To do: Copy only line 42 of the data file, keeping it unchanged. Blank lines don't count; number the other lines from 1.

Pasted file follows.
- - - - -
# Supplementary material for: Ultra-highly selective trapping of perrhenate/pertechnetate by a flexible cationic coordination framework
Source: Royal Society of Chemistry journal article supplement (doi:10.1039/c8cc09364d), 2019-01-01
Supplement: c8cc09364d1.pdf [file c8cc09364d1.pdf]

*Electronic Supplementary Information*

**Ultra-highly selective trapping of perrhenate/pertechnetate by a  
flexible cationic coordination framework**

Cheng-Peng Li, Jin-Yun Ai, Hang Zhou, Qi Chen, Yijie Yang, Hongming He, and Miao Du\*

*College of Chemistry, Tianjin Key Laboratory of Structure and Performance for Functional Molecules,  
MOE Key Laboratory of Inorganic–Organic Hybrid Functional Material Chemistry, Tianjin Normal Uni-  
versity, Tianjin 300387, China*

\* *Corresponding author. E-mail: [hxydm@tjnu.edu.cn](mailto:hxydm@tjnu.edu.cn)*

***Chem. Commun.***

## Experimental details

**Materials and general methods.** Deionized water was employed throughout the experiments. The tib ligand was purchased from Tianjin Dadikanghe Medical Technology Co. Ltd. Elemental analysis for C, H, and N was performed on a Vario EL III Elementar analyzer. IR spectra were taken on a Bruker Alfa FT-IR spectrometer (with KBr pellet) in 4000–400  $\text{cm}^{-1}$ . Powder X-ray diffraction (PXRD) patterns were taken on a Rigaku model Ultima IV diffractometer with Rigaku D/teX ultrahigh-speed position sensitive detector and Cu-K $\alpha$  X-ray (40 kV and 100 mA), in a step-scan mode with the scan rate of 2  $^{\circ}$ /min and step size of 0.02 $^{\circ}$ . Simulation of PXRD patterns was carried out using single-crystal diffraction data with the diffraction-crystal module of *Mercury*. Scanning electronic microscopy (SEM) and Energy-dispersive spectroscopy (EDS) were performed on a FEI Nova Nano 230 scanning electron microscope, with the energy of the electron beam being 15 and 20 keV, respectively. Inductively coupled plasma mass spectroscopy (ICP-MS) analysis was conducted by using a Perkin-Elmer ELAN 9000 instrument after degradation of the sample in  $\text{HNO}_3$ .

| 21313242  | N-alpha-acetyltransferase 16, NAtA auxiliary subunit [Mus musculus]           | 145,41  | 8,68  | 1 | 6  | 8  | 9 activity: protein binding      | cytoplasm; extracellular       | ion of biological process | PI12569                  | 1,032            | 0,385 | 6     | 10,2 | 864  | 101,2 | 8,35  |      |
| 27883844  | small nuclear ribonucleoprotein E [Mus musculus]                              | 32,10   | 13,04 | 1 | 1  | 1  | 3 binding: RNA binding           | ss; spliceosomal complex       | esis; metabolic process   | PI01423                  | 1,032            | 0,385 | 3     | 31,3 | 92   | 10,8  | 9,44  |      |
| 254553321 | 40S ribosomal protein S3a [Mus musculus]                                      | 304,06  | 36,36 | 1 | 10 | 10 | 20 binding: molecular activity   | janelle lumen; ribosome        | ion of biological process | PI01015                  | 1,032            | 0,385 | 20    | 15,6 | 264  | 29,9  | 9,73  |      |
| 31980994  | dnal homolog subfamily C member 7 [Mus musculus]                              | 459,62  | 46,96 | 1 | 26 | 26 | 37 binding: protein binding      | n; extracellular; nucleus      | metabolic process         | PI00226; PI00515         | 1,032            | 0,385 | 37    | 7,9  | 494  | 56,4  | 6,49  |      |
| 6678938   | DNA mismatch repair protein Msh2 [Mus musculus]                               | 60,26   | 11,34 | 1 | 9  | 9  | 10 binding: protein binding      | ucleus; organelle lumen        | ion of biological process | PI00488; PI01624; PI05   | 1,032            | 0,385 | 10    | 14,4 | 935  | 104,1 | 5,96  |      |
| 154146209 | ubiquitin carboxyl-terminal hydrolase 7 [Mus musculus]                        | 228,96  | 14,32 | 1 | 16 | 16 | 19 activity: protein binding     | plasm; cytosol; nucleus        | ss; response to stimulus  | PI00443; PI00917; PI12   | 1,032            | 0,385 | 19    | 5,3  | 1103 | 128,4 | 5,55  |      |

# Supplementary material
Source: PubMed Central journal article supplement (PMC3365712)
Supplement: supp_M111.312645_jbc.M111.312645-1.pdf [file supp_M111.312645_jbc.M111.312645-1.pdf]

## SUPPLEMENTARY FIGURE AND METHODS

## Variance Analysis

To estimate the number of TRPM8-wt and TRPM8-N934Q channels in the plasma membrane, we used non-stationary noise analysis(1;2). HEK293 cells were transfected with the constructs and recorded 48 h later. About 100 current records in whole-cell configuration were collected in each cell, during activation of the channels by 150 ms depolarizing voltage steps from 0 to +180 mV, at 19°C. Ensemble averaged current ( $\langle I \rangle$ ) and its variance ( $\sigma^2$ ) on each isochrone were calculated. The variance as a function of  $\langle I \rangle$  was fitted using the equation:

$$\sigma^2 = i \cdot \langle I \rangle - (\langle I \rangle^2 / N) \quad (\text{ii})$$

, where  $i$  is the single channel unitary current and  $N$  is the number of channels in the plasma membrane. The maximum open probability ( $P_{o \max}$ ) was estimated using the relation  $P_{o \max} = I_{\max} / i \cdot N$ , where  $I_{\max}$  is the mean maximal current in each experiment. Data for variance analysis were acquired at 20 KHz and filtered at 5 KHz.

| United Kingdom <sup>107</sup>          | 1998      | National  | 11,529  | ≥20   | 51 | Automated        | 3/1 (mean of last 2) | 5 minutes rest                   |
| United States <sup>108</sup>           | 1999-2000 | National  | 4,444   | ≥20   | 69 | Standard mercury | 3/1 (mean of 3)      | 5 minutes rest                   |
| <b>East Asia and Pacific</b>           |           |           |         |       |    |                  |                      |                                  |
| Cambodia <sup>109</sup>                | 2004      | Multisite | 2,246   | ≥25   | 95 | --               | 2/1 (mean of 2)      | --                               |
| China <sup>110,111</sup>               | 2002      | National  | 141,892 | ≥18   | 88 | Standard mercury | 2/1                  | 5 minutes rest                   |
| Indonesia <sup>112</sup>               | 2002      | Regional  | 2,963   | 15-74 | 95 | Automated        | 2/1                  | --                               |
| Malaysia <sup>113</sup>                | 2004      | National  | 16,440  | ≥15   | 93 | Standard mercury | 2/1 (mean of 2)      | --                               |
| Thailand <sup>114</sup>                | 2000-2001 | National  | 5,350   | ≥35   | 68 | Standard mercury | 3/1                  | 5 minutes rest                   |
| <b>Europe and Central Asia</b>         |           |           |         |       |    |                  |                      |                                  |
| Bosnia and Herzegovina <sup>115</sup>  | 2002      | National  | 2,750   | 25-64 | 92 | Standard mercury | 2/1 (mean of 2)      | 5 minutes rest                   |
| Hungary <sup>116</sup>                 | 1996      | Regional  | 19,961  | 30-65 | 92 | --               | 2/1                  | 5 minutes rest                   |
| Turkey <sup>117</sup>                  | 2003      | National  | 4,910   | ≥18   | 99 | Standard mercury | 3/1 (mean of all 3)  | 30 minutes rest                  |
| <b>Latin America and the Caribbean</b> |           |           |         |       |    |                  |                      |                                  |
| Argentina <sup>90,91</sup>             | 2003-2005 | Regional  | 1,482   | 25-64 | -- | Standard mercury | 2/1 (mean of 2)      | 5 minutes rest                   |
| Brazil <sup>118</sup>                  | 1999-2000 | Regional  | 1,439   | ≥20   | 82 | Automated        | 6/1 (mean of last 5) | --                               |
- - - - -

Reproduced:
| Argentina <sup>90,91</sup>             | 2003-2005 | Regional  | 1,482   | 25-64 | -- | Standard mercury | 2/1 (mean of 2)      | 5 minutes rest                   |